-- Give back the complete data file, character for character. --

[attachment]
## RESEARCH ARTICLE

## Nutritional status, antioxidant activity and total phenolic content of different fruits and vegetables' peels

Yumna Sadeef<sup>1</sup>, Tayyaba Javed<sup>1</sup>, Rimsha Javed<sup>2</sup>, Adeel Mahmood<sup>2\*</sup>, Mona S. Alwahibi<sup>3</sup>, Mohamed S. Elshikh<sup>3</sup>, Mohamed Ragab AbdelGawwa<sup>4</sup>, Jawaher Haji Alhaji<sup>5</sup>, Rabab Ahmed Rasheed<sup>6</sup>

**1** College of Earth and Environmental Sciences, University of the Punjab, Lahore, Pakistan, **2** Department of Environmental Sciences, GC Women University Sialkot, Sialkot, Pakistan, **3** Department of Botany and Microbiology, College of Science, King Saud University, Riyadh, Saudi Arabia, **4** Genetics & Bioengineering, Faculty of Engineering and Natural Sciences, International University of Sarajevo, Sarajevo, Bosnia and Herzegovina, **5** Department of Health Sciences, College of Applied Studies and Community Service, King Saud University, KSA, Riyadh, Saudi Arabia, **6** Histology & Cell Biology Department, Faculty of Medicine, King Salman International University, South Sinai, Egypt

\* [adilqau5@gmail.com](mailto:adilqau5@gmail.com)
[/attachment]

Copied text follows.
## RESEARCH ARTICLE

## Nutritional status, antioxidant activity and total phenolic content of different fruits and vegetables' peels

Yumna Sadeef<sup>1</sup>, Tayyaba Javed<sup>1</sup>, Rimsha Javed<sup>2</sup>, Adeel Mahmood<sup>2\*</sup>, Mona S. Alwahibi<sup>3</sup>, Mohamed S. Elshikh<sup>3</sup>, Mohamed Ragab AbdelGawwa<sup>4</sup>, Jawaher Haji Alhaji<sup>5</sup>, Rabab Ahmed Rasheed<sup>6</sup>

**1** College of Earth and Environmental Sciences, University of the Punjab, Lahore, Pakistan, **2** Department of Environmental Sciences, GC Women University Sialkot, Sialkot, Pakistan, **3** Department of Botany and Microbiology, College of Science, King Saud University, Riyadh, Saudi Arabia, **4** Genetics & Bioengineering, Faculty of Engineering and Natural Sciences, International University of Sarajevo, Sarajevo, Bosnia and Herzegovina, **5** Department of Health Sciences, College of Applied Studies and Community Service, King Saud University, KSA, Riyadh, Saudi Arabia, **6** Histology & Cell Biology Department, Faculty of Medicine, King Salman International University, South Sinai, Egypt

\* [adilqau5@gmail.com](mailto:adilqau5@gmail.com)